A widow who was devastatingly affected by the ravaging floods in Benue State, opened up on how she lost all she has laboured for.
Last week, the residents of Makurdi in Benue State were horrified when for three consecutive days (72 hours) the heavens opened up intermittently on the city, and what was expected to be showers of blessing for inhabitants of the sprawling city turned out to be a bitter experience.
The ensuing flood took everyone by storm.
121,000 persons were sacked from their homes while close to 4,000 houses were reportedly submerged in water.
According to a Vanguard report, being the worst since the 2012 River Benue surge, the flood like a thief in the night, swept away hundreds of millions of Naira worth of property and valuables of helpless residents.
Though no deaths were reported, the flood left in its wake pains as many of the affected persons lost virtually all it took years to acquire.
The storm also washed away roads and drainages in several communities and settlements thus cutting off many inhabitants from the main town.
Bridges and culverts were not spared in the worst hit areas..
The areas include Idye, Achusa, Logo, Wadata, Kucha Utebe, Genabe, Behind Civil Service Commission, Nyiman Layout, Uniagric Community, Behind Bem Hotel, Katungu, Aboughoul Wadata, Moon Community, Behind GTB and Demekpe.
Others are Wadata Old Prison, Breweries, Gyado Villa, New Kanshio Layout, Wurukum Market, Mobile Barracks, Welfare and BIPC Quarters.
The rich and the poor, the high and mighty suffered the same fate and were suddenly brought together on the same pedestal by fate and obviously left to ponder over a helpless situation.
The effect is the sight of families moving household items and valuables in the streets of Makurdi and searching for a safe haven and emergency shelter.
Speaking on his experience, a resident of Nyiman Layout and father of four, John Terngu, who claimed to have lost property to the flood, said that apart from being a natural disaster, the tragedy was made worse by blocked drainages and buildings erected on water channels.
“Our people just built houses in areas that should be channels for excess water to flow to River Benue. So we are paying the price for their wrong and the negligence of the authorities who are supposed to ensure that buildings are properly located, Terngu said.
A widow at the BIPC Quarters, Mrs. Rosemary Ocheme, said she ran after it became impossible to divert the flow of flood water that submerged her house.
“It has been a sad experience for most of us living on this axis, including those in connecting settlements like Mobile Barracks, Achusa Nyima up to Wurukum area, it’s been sad tales”, she told Sunday Vanguard.
“They say we are all living on floodplain or FADAMA but the problem was made worse by the people who, on their own volition, chose to flout government directives. Given the situation at hand, government must take urgent steps to solve this problem before the entire Makurdi goes under water.”
Speaking on the issue, the state Commissioner for Water Resources and Environment, Dr. Terlumun Utsev, said, “We were actually aware that there would be flooding but it was the magnitude that we did not know.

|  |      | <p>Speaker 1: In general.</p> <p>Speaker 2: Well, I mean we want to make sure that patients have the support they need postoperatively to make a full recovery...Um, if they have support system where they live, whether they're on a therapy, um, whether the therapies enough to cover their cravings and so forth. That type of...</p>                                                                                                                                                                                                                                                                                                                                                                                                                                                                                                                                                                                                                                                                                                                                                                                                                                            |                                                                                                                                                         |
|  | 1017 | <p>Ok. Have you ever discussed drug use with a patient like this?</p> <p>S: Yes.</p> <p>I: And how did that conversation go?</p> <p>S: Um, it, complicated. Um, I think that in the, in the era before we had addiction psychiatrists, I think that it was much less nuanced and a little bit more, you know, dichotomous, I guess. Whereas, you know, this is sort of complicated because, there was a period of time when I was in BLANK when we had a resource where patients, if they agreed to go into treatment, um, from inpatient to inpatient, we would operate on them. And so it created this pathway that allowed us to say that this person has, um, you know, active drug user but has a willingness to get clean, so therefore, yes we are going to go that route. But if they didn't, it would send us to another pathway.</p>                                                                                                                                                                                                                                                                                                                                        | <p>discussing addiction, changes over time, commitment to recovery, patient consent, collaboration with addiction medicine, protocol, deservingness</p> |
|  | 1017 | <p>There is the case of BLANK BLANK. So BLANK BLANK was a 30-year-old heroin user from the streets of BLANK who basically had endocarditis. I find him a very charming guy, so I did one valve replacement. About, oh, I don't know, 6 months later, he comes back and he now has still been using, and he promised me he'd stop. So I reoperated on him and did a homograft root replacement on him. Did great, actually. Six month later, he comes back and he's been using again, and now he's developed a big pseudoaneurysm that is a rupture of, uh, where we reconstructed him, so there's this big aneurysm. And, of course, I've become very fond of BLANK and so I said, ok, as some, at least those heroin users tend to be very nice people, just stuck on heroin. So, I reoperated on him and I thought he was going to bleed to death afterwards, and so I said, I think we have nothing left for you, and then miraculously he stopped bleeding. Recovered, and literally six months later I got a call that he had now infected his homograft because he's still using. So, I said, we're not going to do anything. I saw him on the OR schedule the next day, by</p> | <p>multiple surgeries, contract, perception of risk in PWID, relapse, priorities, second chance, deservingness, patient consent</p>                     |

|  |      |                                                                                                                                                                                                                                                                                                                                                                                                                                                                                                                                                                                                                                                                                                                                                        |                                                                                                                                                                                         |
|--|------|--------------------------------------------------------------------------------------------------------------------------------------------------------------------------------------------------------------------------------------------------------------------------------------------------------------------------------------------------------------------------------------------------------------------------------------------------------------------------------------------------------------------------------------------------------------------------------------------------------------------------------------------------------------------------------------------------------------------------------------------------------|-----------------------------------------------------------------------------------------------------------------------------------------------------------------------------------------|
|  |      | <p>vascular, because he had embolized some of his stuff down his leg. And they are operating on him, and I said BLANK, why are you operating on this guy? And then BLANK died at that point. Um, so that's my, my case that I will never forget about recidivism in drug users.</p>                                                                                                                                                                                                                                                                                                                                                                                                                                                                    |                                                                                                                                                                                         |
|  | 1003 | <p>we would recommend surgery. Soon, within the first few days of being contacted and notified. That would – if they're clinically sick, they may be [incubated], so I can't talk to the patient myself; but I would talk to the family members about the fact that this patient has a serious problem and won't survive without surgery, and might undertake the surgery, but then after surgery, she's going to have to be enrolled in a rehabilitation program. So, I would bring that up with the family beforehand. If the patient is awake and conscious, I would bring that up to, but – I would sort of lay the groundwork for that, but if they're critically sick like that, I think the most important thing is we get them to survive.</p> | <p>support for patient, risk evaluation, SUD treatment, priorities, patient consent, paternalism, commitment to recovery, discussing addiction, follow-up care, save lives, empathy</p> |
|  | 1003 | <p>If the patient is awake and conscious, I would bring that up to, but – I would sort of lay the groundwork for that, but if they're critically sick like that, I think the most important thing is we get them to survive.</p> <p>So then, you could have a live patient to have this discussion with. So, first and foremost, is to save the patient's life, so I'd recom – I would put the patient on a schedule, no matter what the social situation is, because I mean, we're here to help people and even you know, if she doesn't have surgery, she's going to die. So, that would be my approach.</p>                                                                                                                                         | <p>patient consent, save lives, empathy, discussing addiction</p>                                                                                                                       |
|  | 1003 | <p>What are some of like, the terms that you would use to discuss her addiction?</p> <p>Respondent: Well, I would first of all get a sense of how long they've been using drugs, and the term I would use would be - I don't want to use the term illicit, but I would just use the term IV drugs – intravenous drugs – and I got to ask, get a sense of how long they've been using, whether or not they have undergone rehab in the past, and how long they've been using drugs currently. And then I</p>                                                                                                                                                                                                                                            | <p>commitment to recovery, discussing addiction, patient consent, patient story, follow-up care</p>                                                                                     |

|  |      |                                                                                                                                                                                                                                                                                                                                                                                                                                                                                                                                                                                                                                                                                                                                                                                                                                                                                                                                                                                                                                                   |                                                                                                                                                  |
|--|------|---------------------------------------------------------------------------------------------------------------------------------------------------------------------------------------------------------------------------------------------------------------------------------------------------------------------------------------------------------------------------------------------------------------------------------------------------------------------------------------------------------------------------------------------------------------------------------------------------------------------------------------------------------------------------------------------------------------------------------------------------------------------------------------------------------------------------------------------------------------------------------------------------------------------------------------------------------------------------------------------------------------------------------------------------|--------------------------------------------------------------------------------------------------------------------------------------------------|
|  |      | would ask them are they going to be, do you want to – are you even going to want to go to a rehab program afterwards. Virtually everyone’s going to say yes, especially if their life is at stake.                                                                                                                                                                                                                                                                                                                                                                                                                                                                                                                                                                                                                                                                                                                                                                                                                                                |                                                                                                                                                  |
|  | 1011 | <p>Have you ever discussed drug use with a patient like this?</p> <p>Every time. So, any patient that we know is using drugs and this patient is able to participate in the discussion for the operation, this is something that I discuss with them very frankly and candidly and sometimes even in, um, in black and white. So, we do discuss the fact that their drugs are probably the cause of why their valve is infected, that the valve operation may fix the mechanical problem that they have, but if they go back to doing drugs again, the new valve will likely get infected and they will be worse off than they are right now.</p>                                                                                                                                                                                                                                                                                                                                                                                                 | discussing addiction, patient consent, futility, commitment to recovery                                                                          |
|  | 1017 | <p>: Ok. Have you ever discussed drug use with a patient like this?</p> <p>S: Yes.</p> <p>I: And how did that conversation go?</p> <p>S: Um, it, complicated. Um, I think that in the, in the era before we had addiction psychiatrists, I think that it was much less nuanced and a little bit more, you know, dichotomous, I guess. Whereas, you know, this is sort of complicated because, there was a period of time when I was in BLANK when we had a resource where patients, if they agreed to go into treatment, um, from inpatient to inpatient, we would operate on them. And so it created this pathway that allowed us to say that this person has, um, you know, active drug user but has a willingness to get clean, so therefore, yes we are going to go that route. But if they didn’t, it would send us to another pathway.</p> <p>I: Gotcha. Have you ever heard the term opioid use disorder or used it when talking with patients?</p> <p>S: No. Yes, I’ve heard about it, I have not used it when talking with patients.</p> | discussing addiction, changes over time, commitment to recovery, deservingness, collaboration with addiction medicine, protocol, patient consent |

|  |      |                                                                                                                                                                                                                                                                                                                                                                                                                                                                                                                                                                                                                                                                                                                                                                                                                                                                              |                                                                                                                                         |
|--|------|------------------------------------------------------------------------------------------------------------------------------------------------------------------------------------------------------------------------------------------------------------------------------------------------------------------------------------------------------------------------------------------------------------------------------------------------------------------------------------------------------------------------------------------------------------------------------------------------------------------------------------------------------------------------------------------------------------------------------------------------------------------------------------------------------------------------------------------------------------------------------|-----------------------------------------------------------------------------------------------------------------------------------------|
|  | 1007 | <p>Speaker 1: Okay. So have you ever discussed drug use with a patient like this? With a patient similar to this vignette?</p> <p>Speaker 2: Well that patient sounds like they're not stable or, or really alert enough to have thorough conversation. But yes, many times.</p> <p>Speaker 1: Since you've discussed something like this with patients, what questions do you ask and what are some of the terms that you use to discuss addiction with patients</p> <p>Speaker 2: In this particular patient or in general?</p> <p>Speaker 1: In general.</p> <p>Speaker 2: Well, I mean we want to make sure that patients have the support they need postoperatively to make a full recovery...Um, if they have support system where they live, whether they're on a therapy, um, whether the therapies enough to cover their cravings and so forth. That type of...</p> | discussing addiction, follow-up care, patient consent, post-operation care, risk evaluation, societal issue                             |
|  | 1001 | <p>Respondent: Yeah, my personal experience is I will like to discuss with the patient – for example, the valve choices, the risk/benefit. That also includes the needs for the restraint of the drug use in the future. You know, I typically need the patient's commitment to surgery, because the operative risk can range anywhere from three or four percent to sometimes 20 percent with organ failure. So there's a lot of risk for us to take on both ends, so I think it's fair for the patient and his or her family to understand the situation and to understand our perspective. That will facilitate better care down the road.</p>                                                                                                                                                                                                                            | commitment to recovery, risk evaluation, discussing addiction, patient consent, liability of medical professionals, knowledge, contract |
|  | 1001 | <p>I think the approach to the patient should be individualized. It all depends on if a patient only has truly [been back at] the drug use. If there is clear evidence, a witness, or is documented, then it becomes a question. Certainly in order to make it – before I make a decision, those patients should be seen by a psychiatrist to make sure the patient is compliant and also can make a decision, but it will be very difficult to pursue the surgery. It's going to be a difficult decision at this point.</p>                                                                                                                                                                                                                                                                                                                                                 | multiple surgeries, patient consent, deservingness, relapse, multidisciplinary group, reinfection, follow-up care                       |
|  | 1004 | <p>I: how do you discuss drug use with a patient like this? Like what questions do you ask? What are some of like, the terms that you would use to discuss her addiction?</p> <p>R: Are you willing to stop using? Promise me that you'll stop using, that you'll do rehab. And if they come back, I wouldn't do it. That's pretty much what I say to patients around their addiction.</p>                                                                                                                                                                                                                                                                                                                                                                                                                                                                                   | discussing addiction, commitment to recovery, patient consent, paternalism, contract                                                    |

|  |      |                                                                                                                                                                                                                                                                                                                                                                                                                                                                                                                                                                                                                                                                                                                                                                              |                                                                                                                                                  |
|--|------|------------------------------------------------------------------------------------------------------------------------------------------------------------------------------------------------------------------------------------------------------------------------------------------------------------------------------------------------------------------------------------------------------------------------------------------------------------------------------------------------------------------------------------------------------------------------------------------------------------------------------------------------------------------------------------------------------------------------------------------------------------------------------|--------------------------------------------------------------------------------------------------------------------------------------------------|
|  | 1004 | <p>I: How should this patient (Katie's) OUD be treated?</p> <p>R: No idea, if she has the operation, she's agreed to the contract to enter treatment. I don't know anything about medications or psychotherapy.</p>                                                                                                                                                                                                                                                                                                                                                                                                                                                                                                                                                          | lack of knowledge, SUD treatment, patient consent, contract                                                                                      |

“The Nigerian Meteorological Agency had sent early warning and, with the rise in the river level, coupled with the poor drainage maintenance culture, we were left to battle this situation.
“Though we had before now sent out warning, people took it for granted and failed to abide by the instructions government issued.”
Utsev said the state government had taken steps to open up drainages and construct new ones in and around the state capital to mitigate the effect of the flood.
“Besides, for those who lost property and valuables to the flood, our governor has directed the State Emergency Management Agency, SEMA, to liaise with relevant agencies to support them.
“On our part as a ministry, we have written to the Federal Government to come to our aid because Benue was not included in the initial money that was released to states for ecological and flood related problems.
“But it is now obvious that the situation at hand at the moment is far beyond what the state government can undertake.”
Meanwhile, after an on-the-spot assessment of the devastation in and around Makurdi, Governor Samuel Ortom, who expressed shock at what he saw, called for an urgent intervention by the Federal Government to tackle the issue.
The governor said the state government would embark on mass demolition of buildings and structures erected on waterways and floodplains in and around the town to check a reoccurrence.
He said as a temporary measure, government would deploy earth moving equipment to create drainage channels in the devastated areas in order to open up flow parts for the flood.
He said, “We do not have a choice but to embark on demolition of structures and buildings on waterways and drainages if this matter must be addressed appropriately so that people do not continue to suffer in this manner every year. You can see that what we are confronted with presently is far more than what happened in the past.
“And given the magnitude of the situation at hand we call on the Federal Government to urgently intervene in the problem because the flood has rendered many residents of Makurdi homeless.”
Lamenting further, Ortom said the problem came at the time his administration was facing the challenge of salary payment. He advised those living on flood prone areas across the state to relocate immediately.
He also directed the State Emergency Management Agency to liaise with the National Emergency Management Agency, NEMA, for the purpose of assisting the displaced persons.
The governor specifically requested the Federal Government to consider the release of ecological funds to Benue, saying “if urgent steps were not taken, we might have a repeat of the sad experience of 2012.”